“And now we’re trying to unwind that position. In tech, and in possible recession, and inflation and supply chain issues. So, there’s no way historically to make a judgment on what the future looks like in that realm, let alone what’s going on in the dis-functionality of what’s happening in Washington. I would like to disengage what’s going on in Washington and try and rebuild the confidence in the market coming into 2023.” 

So while the data might indicate a strong year ahead, the fact is that many analysts still won’t make that definitive call amidst such economic turmoil gripping the country. 

Along with U.S. markets, they remain steadfast in their search for solid footing.

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BNM Writers

Does Radio Need A Video Star?

If there’s revenue attached, the debate is over. If there isn’t a deal on the table, and there aren’t already orders to monetize a video stream, it’s likely coming soon.

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Last week numerous stories about using video with broadcasting or audio podcasting became a hot topic of discussion.

A Morning Consult poll found that 32% of Americans prefer podcasts with video, compared with 26% who like just audio better. Among podcast listeners, 46% said they favor them with video, compared with 42% who said they would rather listen without video. It’s worth noting that these are podcast listeners, not radio listeners.

Video has become the latest trend in audio. Almost everybody is trying to do some form of video. Many shows already stream online. A few others simulcast on a television or cable channel. It seems nobody believes in pure audio anymore. It’s a wonder everybody didn’t go into television instead of radio.

Before everybody else starts adding webcams in the studio, it’s worth weighing the reasons to move ahead versus slowing down.

The first person to realize they could use video of their show may have been Howard Stern. In June 1994, Stern started a daily half-hour show on E! network, featuring video highlights from his radio show. Stern added slick production values and faster pacing on the E! show.

Don Imus started simulcasting on cable during the same month. It’s possible others that I’m not aware of started earlier.

Stern’s E! show made sense. It answered the most common questions people asked about the show, in addition to what’s he really like; the first questions people usually asked were: 1) Are the women really as good-looking as he says? 2) Do they really take their clothes off? The E! show answered those questions. In addition, it gave a backstage glimpse of the show.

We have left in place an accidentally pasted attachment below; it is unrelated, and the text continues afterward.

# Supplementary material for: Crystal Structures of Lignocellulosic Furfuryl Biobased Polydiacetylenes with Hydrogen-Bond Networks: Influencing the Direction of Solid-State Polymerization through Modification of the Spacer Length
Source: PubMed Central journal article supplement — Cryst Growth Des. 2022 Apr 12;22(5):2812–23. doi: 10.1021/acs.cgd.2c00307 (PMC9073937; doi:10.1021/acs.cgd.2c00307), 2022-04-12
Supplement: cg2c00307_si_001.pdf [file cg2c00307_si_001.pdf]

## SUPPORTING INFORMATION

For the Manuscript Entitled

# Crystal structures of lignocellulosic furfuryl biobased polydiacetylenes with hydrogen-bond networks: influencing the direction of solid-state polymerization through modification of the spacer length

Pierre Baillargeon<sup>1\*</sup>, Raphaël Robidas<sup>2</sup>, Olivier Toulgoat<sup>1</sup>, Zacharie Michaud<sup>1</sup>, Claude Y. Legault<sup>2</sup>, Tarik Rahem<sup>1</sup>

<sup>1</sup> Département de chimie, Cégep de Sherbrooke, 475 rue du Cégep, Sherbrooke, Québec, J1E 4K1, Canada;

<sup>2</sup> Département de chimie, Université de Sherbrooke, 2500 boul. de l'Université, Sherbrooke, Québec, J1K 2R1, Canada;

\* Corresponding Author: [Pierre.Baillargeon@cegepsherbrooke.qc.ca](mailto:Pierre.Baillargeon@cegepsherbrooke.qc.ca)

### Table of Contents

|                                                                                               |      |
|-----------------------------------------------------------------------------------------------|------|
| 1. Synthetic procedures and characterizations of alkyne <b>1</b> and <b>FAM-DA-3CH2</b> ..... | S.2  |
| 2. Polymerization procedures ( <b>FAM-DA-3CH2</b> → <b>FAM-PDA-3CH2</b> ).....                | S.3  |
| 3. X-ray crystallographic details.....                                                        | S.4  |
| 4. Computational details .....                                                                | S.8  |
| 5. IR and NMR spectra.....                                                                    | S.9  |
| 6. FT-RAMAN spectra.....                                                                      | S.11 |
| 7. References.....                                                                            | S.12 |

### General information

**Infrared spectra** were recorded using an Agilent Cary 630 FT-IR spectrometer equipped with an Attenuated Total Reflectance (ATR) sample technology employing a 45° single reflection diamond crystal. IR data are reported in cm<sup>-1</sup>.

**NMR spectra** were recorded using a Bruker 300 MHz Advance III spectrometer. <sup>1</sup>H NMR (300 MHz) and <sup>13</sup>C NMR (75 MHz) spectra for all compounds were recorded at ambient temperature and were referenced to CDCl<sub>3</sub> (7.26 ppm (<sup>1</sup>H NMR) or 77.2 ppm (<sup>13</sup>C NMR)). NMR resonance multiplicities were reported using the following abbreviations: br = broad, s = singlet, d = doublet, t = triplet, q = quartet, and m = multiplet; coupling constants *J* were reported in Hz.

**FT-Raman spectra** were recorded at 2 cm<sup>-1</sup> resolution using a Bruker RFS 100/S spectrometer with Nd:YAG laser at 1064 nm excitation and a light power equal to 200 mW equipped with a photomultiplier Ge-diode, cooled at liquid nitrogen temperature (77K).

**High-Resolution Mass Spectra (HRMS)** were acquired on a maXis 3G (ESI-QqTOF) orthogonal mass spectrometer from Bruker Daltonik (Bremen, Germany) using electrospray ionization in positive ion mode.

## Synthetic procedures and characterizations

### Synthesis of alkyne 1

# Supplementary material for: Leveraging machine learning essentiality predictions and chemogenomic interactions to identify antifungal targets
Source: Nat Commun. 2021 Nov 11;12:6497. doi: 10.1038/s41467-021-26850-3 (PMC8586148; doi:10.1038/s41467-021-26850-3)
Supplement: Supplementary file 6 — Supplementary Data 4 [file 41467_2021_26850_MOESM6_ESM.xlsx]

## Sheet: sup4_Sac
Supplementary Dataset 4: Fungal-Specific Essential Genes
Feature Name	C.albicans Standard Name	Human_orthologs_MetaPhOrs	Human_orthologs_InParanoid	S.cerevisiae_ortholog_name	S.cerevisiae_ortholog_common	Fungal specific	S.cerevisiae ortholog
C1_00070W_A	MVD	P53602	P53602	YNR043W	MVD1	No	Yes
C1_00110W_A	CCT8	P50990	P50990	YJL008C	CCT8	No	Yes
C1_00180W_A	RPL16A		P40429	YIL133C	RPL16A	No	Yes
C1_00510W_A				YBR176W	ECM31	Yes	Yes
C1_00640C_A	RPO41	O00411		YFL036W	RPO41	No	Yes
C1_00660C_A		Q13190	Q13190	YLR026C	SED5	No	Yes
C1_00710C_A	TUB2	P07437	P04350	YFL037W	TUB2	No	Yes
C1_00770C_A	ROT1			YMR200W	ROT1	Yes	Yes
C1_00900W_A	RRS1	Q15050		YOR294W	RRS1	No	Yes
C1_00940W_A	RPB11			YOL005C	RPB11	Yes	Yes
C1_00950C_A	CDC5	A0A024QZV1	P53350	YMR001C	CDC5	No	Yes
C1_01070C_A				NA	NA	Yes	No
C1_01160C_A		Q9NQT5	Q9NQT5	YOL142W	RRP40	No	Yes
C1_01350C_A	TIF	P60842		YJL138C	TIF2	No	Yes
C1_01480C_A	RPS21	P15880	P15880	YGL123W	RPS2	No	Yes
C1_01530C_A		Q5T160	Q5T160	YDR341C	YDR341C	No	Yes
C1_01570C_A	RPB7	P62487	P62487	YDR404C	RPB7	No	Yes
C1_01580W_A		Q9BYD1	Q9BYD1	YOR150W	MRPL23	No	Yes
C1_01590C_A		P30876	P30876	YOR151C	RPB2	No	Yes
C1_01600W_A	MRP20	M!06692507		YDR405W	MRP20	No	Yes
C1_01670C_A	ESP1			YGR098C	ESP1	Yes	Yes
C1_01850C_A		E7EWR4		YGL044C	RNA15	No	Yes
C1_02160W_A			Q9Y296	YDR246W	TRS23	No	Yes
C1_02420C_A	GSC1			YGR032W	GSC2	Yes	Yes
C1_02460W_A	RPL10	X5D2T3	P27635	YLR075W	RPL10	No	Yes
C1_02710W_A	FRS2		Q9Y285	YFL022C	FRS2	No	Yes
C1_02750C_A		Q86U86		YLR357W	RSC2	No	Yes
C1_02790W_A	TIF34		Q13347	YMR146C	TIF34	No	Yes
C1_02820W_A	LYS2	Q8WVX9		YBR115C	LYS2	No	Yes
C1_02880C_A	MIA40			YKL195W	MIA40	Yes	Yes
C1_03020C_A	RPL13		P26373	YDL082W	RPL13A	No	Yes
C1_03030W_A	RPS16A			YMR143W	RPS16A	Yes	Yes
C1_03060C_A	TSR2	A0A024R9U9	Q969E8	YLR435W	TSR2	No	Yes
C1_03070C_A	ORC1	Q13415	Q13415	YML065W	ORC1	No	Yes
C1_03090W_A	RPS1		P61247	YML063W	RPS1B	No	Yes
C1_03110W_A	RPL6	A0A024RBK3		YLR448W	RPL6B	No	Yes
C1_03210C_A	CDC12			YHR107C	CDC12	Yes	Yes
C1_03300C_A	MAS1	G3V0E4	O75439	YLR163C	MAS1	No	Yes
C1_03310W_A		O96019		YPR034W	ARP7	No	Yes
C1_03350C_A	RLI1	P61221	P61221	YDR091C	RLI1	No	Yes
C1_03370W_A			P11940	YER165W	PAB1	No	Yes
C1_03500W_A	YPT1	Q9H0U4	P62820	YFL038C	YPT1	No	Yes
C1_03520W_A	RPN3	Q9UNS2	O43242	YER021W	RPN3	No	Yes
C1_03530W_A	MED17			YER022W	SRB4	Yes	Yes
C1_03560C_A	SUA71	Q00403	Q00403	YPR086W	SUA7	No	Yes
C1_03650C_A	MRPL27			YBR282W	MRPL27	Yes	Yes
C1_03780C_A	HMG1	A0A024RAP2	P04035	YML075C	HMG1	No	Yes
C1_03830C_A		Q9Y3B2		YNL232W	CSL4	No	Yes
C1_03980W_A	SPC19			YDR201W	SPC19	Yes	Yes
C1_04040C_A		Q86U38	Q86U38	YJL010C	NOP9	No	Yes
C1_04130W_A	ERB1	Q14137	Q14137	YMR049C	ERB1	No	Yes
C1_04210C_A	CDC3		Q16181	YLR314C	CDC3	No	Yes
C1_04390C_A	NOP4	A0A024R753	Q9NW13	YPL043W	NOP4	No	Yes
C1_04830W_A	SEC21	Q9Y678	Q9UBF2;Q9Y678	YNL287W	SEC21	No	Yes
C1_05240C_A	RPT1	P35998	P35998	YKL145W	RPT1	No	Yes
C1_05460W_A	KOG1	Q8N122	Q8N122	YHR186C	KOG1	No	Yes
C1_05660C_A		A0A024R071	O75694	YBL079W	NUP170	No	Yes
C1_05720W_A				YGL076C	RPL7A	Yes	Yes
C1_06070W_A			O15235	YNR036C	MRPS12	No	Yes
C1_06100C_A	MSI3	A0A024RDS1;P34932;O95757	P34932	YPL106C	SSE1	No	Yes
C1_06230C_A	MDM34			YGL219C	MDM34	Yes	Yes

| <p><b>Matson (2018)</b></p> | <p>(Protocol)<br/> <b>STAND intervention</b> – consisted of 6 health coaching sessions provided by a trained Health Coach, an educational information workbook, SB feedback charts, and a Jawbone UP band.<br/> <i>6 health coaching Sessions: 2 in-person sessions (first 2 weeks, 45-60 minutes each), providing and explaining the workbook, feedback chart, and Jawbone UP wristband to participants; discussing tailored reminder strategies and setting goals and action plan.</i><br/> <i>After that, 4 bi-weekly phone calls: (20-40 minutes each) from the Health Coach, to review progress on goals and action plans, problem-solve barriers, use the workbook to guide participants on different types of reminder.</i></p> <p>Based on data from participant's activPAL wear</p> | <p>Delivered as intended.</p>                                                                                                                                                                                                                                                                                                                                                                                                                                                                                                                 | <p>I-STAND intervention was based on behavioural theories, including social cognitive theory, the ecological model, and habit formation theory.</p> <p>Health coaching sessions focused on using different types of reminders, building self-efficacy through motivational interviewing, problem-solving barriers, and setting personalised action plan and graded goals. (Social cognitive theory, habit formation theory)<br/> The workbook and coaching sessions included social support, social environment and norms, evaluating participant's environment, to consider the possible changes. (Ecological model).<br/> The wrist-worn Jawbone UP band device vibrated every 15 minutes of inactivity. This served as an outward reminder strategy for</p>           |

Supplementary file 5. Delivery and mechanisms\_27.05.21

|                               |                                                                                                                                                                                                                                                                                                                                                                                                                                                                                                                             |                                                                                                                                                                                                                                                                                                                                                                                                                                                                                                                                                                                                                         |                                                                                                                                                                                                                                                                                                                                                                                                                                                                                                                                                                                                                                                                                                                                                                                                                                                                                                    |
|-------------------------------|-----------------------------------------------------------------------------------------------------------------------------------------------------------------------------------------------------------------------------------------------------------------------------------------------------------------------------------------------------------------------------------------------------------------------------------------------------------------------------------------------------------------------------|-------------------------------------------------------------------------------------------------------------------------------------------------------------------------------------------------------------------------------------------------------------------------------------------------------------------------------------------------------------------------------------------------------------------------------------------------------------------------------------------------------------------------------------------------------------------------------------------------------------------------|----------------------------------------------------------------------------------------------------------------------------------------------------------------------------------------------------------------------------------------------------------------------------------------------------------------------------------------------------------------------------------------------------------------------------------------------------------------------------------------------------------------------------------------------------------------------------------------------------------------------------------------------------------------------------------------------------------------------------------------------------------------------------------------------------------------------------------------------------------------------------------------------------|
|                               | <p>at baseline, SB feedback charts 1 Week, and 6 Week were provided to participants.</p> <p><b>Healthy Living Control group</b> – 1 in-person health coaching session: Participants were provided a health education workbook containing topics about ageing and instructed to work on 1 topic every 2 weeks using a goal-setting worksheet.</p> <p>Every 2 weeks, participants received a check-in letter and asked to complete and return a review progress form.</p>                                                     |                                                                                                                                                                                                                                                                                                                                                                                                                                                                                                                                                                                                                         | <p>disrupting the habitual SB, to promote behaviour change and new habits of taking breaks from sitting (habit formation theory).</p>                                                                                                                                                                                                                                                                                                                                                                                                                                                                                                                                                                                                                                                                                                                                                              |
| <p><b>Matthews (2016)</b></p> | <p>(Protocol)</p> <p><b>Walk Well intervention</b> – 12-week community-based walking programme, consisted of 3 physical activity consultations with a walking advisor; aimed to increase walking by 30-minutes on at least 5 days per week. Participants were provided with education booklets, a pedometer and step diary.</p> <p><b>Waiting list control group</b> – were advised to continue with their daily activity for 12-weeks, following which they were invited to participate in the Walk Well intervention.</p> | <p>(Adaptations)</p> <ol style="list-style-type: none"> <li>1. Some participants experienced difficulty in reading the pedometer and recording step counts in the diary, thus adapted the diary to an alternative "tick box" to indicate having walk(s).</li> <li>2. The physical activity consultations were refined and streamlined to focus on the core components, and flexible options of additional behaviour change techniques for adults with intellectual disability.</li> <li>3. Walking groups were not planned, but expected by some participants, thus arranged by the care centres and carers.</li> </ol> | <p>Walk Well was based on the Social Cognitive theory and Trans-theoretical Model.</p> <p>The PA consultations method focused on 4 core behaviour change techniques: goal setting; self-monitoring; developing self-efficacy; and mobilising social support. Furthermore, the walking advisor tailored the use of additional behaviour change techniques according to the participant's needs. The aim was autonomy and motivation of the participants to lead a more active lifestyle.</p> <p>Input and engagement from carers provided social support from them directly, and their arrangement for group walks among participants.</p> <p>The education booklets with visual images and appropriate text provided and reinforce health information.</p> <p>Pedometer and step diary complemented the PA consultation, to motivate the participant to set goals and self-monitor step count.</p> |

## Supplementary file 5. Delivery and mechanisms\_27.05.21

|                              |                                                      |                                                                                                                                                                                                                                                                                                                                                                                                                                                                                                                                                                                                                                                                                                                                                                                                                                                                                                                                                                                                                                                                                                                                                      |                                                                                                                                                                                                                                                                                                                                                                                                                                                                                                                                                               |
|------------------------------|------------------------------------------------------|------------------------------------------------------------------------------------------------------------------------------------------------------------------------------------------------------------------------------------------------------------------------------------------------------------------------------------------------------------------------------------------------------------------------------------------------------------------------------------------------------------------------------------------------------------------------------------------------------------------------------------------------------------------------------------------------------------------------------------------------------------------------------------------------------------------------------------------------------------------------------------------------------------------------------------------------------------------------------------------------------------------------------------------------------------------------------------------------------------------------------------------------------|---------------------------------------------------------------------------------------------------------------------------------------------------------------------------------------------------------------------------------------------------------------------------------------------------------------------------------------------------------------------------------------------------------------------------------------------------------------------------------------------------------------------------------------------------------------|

The same month Stern’s E! Show began, Imus began simulcasting his show on cable networks. I would have feared losing ratings. In fact, Imus’ program director did!

I spoke to my long-time friend and colleague Mark Chernoff (Current Managing Director of Mark Chernoff Talent and on-air talent 107.1 The Boss on the NJ Shore, Former Senior VP WFAN and CBS Sports Radio, VP Sports Programming CBS Radio) about the impact simulcasting Imus’ show had on WFAN. Chernoff may have the broadest range of experiences with simulcasting radio programs with video. 

Imus began on CSPAN but shortly afterward moved to MSNBC. Chernoff told me: “When we started simulcasting Imus, I suggested we’d lose about 15% of our radio audience to TV, which we did.” Chernoff added that there was a significant revenue contribution and that the company was content with the trade-off.

WFAN had a different experience simulcasting Mike and the Mad Dog on YES in 2002. “In this case, TV was helpful, and we increased listenership,” said Chernoff. WFAN also benefited financially from this simulcast.

Imus was on in morning drive while Mike & the Mad Dog were on in the afternoon. Keep the era in mind, too. Before smartphones and high-speed streaming, it was not uncommon for people to have televisions in the bed or bathrooms and have the tv on instead of the radio as they got ready for their day. In the afternoon, fewer people would have had video access in that era.

Ratings measurement moved to Portable People Meter (PPM) by the time WFAN started streaming middays on its website. Chernoff reported streaming had no ratings or revenue impact – positive or negative – on middays. However, the company did provide an additional dedicated person to produce the video stream.

The early forays into video by pioneers such as Stern, Imus, and Mike & the Mad Dog are instructive.

There are good reasons to video stream shows. Revenue is a good reason.

If there’s revenue attached, the debate is over. If there isn’t a deal on the table, and there aren’t already orders to monetize a video stream, it’s likely coming soon.

Another good reason is if the video can answer questions about the show, as the E! show did for Howard Stern.

On the other hand, audio companies are going to throw a lot of money at video, based on the notion that it’s what they “should” do because:

  • It’s the latest trend. Being late on this trend is different from missing the Internet or Podcasting. Industries already revolve around video; television and film come to mind.
  • Podcast listeners like it (by a slight plurality).

Before turning on webcams, see what viewers will see. The studios at many stations I’ve worked at were better not seen. Considerations include; the set, lighting, wardrobe, visuals, and a plan.

Too many video streams of studios feature the fire extinguisher prominently in the shot or the air personalities milling about during terminally long breaks.